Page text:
Tuesday, April 26, 2011


I'm still contemplating the topic I posted about on Friday. I had a long conversation with a woman last night who is pregnant and due in late June. Her husband has been unemployed for over a year. His situation sounds like Mike's: he's applied for every conceivable position but can't get any call backs. Recently he has gotten a part-time job, but it's still not enough to live on.

She is hoping God will change their situation, but also having to face that she may have to go back to work, with her commute of 2 hours and 15 minutes a day, when her baby is 6 weeks old. I can't even imagine how difficult that would be. (Caveat: I know many working moms who do go back to work and do an excellent job. I just know the inner anguish for a woman whose deep desire is to stay home but can't is serious.)

I think sometimes when we think of contentment, we can tend to downplay what we are discontent about as silly. And sometimes our discontents are quite silly. (I have until recently been very discontent with my grass itself. My neighbor's lawn really is greener, and my mulch all blew away and my plants are piddly and pathetic and my tree was eaten by a deer.)

In my own discontent, I'm sometimes reminded of a quote from Bridget Jones Diary 2, a horrible movie, but with just the best quote ever (and which I may have shared before; I can't remember). Bridget is in a Thai prison, commiserating with the other girls about their hard lives and their stinky boyfriends. Several girls share about their boyfriends: "My boyfriend, he make me do drugs and then he make me steal for him." Another shares: "My boyfriend, he hit me and he make me be a prostitute." Both very horrendous but realistic scenarios. Then they say, "What about you, Bridget? What your bad boyfriend do?"

And Bridget says, "Well, we went to this event where I didn't think he showed me proper respect and....(realizing how ridiculous her complaints sound)...you know, he hits me and makes me take drugs."

Sometimes I'm like Bridget, complaining about what, put in perspective, is really not what one would class as a major world problem. For example, grumbling to God about my husband who didn't have a job when Mike is the most loving, hardworking, persevering and affectionate husband I could ever dream of and when at work I would regularly read stories about husband's who abused or abandoned their wives.

But often our discontents are very real and hard. Like I said, I can't imagine how hard my friend's situation must be. But then if we look at what Paul said about contentment, his trials weren't silly either:

"I am not saying this because I am in need, for I have learned to be content whatever the circumstances. I know what it is to be in need, and I know what it is to have plenty. I have learned the secret of being content in any and every situation, whether well fed or hungry, whether living in plenty or in want. (Philippians 4:11-12)

He was sometimes beaten, sometimes imprisoned, and sometimes starving. I wouldn't consider those light afflictions. But he still knew how to be content: He could do anything through Christ who strengthened him (next verse, 13).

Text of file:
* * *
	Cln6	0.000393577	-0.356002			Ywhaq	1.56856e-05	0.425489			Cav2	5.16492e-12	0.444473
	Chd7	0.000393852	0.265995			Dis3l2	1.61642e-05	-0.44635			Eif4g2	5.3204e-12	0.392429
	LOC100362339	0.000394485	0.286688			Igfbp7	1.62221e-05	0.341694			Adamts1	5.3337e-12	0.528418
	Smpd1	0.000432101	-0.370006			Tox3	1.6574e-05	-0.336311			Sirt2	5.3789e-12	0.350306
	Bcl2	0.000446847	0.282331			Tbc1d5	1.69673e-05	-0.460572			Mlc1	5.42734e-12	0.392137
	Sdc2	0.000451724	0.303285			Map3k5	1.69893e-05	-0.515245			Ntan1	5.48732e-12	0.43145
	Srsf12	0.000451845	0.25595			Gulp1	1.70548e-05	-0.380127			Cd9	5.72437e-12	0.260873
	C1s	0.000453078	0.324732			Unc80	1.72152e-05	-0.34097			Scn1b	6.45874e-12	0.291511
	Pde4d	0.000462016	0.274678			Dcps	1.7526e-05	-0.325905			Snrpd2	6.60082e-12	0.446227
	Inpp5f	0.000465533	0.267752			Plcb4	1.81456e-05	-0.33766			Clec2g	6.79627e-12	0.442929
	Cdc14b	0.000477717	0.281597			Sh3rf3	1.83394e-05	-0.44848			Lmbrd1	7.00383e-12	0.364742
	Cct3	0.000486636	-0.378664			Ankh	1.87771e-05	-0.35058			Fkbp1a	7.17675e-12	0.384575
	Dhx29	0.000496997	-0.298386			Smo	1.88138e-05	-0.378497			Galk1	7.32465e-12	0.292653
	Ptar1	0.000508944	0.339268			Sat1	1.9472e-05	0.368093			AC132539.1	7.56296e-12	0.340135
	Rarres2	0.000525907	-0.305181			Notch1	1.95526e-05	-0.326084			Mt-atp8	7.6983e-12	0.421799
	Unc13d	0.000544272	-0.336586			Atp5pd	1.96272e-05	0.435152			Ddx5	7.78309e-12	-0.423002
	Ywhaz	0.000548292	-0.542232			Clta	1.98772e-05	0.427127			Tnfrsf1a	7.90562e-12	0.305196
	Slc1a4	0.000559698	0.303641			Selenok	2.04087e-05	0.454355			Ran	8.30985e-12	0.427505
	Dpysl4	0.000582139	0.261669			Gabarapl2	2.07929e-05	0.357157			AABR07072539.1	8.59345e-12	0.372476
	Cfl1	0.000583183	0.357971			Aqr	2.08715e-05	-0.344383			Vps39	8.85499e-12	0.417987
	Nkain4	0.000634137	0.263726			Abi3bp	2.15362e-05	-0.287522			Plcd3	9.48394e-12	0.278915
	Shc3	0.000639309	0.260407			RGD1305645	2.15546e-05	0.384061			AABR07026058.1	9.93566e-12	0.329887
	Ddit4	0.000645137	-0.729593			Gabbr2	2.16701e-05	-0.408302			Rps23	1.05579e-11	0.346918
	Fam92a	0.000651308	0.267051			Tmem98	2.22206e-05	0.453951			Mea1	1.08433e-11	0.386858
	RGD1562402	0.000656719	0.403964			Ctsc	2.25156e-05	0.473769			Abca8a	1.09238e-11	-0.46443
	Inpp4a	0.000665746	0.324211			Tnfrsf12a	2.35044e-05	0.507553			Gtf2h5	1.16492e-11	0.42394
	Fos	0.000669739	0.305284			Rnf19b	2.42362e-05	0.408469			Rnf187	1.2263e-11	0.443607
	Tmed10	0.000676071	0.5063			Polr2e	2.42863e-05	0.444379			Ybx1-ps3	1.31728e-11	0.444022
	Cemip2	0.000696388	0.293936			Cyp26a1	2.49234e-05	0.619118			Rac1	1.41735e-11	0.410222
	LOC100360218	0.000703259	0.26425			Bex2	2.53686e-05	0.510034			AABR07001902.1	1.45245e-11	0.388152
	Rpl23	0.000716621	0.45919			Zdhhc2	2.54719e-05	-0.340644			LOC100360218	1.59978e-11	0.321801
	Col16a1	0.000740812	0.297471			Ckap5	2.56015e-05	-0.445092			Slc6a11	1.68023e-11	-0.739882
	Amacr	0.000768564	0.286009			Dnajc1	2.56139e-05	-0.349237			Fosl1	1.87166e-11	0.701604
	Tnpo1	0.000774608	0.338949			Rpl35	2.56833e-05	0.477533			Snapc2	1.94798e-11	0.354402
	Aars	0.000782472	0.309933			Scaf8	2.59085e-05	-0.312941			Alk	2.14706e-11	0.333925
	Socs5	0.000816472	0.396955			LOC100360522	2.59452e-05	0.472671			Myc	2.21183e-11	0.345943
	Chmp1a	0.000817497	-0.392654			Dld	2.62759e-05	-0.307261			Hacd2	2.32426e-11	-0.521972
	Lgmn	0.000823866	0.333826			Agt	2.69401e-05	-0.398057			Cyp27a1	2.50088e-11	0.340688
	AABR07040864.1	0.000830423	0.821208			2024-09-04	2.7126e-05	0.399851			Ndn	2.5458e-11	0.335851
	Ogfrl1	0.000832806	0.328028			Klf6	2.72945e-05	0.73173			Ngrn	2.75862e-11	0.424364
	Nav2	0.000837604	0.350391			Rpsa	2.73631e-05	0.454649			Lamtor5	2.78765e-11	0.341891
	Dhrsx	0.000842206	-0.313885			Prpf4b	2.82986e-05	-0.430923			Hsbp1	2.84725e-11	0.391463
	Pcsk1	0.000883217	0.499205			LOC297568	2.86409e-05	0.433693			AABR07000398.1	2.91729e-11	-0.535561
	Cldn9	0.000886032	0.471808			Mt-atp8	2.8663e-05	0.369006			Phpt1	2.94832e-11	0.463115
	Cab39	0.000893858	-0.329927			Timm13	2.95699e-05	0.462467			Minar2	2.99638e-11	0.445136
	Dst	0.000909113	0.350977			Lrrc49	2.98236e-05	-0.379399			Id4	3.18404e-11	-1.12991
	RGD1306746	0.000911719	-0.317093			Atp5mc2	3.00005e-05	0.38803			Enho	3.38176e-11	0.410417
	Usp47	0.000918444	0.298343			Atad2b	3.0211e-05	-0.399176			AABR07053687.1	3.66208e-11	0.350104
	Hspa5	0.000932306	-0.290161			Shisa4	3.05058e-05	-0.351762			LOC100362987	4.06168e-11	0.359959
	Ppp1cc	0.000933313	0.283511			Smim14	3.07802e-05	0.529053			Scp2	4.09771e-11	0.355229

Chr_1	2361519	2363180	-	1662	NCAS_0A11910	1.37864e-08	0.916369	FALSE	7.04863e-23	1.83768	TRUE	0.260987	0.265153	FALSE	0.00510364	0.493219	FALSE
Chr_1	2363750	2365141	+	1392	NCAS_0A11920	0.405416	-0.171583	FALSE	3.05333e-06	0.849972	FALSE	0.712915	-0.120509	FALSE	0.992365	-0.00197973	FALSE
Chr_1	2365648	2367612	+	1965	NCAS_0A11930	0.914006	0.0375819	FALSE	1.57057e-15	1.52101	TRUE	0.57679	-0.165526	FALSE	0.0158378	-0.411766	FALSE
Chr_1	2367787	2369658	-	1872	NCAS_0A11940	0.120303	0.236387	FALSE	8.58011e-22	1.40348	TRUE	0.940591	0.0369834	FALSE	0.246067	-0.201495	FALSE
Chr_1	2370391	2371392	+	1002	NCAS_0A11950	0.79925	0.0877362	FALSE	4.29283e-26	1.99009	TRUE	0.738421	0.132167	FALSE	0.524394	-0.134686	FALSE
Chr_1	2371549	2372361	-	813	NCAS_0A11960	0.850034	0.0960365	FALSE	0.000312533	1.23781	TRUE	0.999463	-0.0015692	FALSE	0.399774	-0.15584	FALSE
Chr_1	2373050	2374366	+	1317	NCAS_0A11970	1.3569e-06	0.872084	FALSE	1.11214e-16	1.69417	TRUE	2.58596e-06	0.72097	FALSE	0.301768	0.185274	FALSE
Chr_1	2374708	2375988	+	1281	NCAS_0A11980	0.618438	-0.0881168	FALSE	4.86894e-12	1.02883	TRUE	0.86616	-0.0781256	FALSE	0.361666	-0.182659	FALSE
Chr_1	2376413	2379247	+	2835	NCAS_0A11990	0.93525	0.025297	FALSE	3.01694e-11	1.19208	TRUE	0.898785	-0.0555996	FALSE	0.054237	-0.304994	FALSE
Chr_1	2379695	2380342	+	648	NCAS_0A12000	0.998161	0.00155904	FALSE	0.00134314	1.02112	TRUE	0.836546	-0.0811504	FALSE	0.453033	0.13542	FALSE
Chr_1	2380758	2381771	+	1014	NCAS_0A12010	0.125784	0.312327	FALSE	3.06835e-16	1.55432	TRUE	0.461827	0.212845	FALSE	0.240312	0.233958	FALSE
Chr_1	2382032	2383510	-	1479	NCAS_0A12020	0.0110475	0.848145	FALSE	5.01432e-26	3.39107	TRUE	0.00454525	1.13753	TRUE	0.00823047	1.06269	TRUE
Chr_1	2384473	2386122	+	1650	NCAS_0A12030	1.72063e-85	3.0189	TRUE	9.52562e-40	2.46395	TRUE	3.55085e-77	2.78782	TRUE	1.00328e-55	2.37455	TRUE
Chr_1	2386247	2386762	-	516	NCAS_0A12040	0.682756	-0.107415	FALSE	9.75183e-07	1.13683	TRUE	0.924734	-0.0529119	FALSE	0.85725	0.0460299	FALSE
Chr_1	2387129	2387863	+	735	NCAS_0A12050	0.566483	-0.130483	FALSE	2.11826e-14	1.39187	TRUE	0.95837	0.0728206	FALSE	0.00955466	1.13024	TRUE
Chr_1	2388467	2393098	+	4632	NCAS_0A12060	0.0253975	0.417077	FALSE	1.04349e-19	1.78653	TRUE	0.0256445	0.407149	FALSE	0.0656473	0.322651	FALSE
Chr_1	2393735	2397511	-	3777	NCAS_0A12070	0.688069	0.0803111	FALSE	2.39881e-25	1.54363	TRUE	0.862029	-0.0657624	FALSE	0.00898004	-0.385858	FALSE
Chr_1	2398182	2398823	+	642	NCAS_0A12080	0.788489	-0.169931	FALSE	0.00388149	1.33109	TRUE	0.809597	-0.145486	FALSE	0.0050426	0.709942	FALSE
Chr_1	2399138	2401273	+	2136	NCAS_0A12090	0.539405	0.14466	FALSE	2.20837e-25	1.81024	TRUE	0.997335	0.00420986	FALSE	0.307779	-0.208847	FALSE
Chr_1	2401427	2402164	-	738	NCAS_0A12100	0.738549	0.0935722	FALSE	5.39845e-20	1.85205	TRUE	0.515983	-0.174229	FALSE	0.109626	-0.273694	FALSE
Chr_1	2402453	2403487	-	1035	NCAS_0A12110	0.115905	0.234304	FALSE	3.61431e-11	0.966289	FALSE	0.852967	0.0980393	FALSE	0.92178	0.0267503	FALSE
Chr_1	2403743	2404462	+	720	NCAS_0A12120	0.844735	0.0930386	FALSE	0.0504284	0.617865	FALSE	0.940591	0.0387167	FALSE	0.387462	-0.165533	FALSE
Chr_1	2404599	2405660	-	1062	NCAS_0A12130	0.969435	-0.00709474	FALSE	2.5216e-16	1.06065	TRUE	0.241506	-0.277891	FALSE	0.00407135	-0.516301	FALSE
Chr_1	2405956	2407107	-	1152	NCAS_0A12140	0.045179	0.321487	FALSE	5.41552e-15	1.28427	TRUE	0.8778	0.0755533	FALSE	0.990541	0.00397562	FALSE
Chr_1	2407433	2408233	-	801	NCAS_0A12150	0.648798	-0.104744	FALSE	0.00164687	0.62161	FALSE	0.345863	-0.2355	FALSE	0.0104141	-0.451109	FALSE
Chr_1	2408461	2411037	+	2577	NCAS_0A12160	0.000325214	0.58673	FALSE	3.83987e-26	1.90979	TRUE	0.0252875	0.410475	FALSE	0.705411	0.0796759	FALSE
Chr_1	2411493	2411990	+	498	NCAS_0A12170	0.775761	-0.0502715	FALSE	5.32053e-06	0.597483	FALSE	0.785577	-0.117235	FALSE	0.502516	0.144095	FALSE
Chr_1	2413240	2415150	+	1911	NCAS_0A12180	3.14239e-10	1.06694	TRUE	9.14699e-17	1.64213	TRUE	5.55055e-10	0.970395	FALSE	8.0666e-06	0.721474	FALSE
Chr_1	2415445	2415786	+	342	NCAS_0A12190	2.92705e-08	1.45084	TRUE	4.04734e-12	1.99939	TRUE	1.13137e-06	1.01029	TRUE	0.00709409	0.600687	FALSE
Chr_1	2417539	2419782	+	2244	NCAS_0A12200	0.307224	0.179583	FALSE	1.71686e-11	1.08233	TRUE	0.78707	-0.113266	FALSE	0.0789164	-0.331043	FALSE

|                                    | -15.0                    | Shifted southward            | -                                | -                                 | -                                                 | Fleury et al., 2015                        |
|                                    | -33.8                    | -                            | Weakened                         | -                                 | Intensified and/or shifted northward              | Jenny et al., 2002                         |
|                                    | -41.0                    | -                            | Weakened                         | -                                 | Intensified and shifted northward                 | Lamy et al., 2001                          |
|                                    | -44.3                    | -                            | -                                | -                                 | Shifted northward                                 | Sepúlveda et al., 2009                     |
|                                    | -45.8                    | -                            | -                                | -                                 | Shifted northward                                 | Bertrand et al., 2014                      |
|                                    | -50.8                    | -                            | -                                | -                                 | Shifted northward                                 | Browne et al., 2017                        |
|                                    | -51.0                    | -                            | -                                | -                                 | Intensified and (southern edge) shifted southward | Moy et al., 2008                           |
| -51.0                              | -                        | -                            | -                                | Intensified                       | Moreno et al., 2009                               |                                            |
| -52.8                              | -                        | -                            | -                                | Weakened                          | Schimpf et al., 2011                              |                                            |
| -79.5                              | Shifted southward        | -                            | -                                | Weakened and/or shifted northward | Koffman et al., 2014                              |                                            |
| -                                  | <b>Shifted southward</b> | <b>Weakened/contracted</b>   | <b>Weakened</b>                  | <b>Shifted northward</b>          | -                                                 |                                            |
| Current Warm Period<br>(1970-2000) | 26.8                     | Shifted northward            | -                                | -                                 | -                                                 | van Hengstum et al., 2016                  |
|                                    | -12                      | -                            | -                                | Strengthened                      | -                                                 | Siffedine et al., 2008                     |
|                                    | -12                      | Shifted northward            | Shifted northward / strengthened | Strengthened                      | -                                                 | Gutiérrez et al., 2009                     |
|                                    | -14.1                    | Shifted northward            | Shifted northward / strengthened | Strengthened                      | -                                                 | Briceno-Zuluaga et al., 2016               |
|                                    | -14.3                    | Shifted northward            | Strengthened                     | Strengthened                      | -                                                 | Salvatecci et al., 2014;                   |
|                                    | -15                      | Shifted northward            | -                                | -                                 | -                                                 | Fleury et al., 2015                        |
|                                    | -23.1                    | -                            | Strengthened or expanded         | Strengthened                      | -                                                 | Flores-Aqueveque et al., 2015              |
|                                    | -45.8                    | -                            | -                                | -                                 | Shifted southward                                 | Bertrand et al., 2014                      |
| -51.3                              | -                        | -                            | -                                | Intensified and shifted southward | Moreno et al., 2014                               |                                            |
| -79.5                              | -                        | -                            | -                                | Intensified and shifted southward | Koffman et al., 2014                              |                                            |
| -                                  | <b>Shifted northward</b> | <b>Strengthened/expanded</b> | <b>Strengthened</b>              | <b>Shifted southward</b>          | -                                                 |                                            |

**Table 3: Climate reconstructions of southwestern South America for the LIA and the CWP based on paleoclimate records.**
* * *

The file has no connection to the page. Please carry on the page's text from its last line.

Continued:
Contentment isn't about stopping being silly and gritting your teeth and just being happy. (I don't think that works.) It is realizing that because of Christ we can face all things and through his strength, we can do all things. We aren't alone in our world full of problems and discontent and situations we never wanted to be in to just buck up and bear it; we have the Holy Spirit, the Counselor and Comforter, and who gives us power to overcome; the same power that raised Christ from the dead.

So, tell me, what do you struggle with being discontent about? Do you tend to a. complain about it, b. buck up and bear it, or c. ask God for strength to overcome it?


Anonymous said...

In hard times, I encourage myself by thinking about those who came before me and how they handled adversity. In about 1865, my great grandmother was given away to neighbors when she was four years old, because her mother couldn't feed her. Her eleven year old brother had already left home to live and work on a farm to support himself. (That was not unusual in those days.) In about 1920, my father-in-law was given up for adoption to a lady who found him hunting for something to eat in a garbage can. My brother-in-law told of going to bed without anything to eat for dinner. In 1929there was the great depression when many were out of work. My mother remembers her father taking a chicken in trade for services so her family would have food. We have been living in a time of prosperity since after World War II. We think of these prosperous times as the norm. But, if we look at a longer time period, we see that our grandfathers and great-great grandfathers also struggled. I gain comfort and strength knowing that they faced what many of us are facing today. That they lived through hard times and overcame. Our standard of living is much higher than what they had. The death of a child to illness was not uncommon without the drugs that are available now. It doesn't make it easy for us if we don't have a job today or if we have some other problem. It is still a struggle. But, we can draw close to God and ask Him to be with us. We can let go of what we think of as "the norm." This has not been the norm for most people throughout history and it is not the norm today in most countries. People just do what they have to to survive. We can tell ourselves, "With God's help, I can do whatever I have to do; because at the end of the day, my family and I will be well.

Amber said...

That's a very good point. Perspective is everything!